New book sheds light on historical, legal dimension of Rwandan genocide

Rwandan-CopyWhen in 2009 Nigeria’s Catholic priest Fr. Uwem Akpan published his classic short story collection on the condition of children in some parts of Africa and included one on Rwanda, which also became its title, Say You’re One of Them, it was horrifyingly eye-popping.

The gruesomeness of the story was heart-wrenching. Two children watched their own Hutu father hack their Tutsi mother to death with a machete; but this happened just before the mother had enjoined them to tell anyone, the murdering Hutu gang, who accost them to ‘say you’re one of them’.

But away from the fictional glare of Akpan’s work some seven years later is a new book The Rwandan Genocide: Historical Background and Jurisprudence (MIJ Professional Publishers, Lagos; 2014) by Nigeria’s Segun Jegede.

He was among a group of lawyers and jurists from around the world drafted by the United Nations to scour Rwanda and ascertain if the crimes of genocide had been committed and to prosecute perpetrators accordingly.

This was with a view to deter the perpetuation of such crimes in future both in Rwanda and elsewhere and to drum it into the ears of murderous political leaders everywhere that human right violations and atrocities committed while in office do not go unpunished in the long run.

Africa’s sharp division into ethnic lines, which were exacerbated at the advent of European powers on the continent and have subsisted till date, have served peoples of the continent badly and continue to frustrate efforts at unity and genuine integration. Although while the case of Rwanda presents a paradox in explaining the genocide, the foisted arbitrary ethnic lines among the three so-called ethnic groupings – Hutu, Tutsi and Twa – paved the way for the human bloodletting that happened.

The Germans and later the Belgians favoured the Tutsi who are traditionally cattle breeders and who had exercised authority over the Hutu farmers and Twa. But the three ethnic groups speak the same language, have the same culture and the same ancestry while intermarriage effectively seemed to have blurred any physical difference between the Tutsi and the Hutu. But the introduction of registration and carrying of identity cards by the Belgians in the 1930s started the process of ethnic nationalism.

This was compounded by independence in 1962, with the Hutu and Tutsi angling for political control. Eventually, buoyed by their large population, the Hutu triumphed and politics of ethnic intolerance took centre-stage in the country. But of greater consequence was the Hutu revolution shortly after independence that sought to wipe out every Tutsi grip on Rwandan political life, which the Tutsi had enjoyed for so long. Many Tutsi fled into exile in neighbouring countries from where they were to launch war on Hutu controlled government.

Peace talks in Arusha, Tanzania, failed to yield results; there was no commitment on the part of Rwandan government to allow exiled Tutsi return and be integrated into Rwandan life again.

It was evidently payback time for the many years of denials the Hutu had endured while the colonial powers held sway and collaborated with Tutsi. Under colonialism, Hutu were made underdogs, and Tutsi were favoured; not many Hutu children were allowed to enroll in schools.

However, it was in the midst of the conflict to return exiled Rwandan Tutsi back into their homeland that the plane of President Juvenal Habyarimana was brought down on April 6, 1994. This prompted the Hutu to go on the offensive in one of modern history’s bloodiest and mindless orgies that claimed thousands of lives in 100 days of planned and calculated killings designed to exterminate Tutsi population.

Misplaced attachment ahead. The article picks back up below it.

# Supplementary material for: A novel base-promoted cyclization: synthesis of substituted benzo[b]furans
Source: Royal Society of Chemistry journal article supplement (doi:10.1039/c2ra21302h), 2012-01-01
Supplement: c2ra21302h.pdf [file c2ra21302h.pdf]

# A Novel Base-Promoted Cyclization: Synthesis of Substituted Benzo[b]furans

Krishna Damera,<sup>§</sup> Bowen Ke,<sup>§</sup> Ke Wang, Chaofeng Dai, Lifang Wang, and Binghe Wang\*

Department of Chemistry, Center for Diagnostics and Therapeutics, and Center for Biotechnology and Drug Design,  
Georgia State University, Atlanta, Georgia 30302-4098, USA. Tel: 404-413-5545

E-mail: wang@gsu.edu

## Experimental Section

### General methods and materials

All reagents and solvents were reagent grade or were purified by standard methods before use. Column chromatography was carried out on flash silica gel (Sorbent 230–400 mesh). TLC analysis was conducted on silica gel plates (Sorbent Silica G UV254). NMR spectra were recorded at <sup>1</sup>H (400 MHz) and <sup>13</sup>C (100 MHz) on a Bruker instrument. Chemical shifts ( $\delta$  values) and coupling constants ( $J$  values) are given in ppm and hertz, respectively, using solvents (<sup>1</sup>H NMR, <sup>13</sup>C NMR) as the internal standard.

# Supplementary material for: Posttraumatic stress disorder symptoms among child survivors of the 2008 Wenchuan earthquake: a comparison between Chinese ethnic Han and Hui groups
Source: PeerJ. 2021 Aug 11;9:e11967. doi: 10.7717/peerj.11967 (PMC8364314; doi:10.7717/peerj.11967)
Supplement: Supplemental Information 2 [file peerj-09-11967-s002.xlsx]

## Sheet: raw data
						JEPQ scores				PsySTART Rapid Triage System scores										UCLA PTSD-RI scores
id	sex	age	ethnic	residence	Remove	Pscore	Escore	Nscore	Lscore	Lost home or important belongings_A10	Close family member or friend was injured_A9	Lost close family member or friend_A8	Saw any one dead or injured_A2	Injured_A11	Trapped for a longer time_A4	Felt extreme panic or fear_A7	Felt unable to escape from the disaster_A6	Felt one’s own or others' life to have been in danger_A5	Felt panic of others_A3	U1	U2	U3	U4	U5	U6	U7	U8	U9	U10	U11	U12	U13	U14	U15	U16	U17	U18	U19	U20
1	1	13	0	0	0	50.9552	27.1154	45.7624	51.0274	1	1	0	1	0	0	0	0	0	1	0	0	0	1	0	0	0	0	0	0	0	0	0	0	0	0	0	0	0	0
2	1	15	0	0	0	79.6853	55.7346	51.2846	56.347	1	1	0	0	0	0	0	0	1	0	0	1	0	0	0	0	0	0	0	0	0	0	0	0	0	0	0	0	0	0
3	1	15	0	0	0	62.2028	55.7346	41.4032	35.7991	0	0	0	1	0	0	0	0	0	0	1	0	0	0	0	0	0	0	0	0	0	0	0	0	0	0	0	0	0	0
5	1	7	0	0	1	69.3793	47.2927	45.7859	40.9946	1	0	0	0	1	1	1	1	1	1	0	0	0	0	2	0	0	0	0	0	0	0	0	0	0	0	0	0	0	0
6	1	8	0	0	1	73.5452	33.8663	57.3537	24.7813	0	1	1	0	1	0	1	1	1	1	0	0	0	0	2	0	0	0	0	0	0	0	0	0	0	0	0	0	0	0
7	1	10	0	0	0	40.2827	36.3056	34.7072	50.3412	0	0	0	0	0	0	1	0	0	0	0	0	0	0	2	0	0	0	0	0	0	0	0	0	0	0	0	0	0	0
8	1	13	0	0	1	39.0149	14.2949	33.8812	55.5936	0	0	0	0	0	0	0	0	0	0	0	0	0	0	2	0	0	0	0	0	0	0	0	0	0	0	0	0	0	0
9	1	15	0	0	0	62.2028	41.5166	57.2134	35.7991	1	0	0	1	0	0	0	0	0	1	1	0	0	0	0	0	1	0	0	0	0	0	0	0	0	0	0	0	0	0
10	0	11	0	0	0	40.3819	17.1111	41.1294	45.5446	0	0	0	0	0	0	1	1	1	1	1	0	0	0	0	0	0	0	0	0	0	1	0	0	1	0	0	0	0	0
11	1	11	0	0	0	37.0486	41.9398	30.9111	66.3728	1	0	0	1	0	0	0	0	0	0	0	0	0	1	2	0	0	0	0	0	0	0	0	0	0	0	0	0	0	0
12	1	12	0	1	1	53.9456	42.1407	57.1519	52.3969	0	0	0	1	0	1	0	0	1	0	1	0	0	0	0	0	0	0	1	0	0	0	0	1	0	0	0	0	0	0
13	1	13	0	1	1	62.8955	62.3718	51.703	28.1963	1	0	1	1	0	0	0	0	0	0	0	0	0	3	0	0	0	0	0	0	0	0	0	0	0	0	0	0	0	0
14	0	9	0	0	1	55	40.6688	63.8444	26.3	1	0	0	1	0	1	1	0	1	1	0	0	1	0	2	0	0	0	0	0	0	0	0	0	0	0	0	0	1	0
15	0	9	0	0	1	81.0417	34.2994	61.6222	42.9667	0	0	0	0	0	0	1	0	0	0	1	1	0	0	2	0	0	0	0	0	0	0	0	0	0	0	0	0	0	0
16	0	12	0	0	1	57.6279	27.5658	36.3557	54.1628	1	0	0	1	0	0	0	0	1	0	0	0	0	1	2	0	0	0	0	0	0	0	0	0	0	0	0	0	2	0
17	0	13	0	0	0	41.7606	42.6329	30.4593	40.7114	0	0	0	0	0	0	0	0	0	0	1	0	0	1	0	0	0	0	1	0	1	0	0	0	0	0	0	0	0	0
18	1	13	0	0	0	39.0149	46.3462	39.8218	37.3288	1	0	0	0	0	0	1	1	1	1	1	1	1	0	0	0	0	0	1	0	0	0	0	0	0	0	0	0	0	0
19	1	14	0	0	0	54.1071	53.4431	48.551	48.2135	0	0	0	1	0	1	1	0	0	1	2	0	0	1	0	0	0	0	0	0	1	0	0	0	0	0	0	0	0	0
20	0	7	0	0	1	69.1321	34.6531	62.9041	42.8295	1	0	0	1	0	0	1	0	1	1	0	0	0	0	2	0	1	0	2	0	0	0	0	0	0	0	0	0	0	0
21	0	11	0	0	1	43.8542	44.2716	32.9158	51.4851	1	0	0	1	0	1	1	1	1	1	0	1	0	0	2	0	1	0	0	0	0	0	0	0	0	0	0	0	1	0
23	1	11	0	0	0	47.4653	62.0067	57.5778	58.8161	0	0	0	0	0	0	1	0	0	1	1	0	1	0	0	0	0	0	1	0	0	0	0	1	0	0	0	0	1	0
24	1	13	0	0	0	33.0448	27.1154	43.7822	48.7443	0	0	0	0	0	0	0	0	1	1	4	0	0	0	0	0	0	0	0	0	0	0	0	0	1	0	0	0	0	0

Jegede’s book pays attention to this slice of Rwanda’s history in order to launch into the International Criminal Tribunal for Rwanda (ICTR), which had precedence in the Nuremberg Trials of Nazi Germany after World War II and International Criminal Tribunal for Yugoslavia (ICTY). According to Jegede, the tribunal derived its powers from “the Convention on the Prevention and Punishment of the Crime of Genocide signed in Paris on December 9, 1948… to characterise the deliberate plan of the Nazis to exterminate the Jews and Gypsies… Rwanda, like many other nations acceded, by legislative decree, to the Convention of Genocide on February 12, 1973, thereby making the provisions of the convention applicable in Rwanda in 1994”.

Jegede further noted that the tribunal “grew out of the response of the United Nation’s human rights systems to the tragic situation in Rwanda”. But he is quick to query this need to make what he called amends by the world body even as it failed to intervene while the Rwandan genocide was taking place, with 10 Belgian peacekeeping soldiers who were sent to protect Rwandan Prime Minister Agathe Uwilingiyimana murdered.

It was the question that dominated the minds of many at the time. The world turned its face away when the gruesome killings were taking place, but it promptly scrambled up a tribunal to try those who organized and carried out the killings after the facts of the mass murders had been committed.

But as a professional attorney Jegede quickly surmises, “Whatever may be the outcome of the debate concerning the motive for its creation, it remains clear that the ICTR is an important step towards achieving order, security and peace in Africa”. Debatable, indeed, as the world body usually withholds direct intervention; Kenya had its small share of political intolerance and violence after an election nearly two decades after the Rwandan bloody example.

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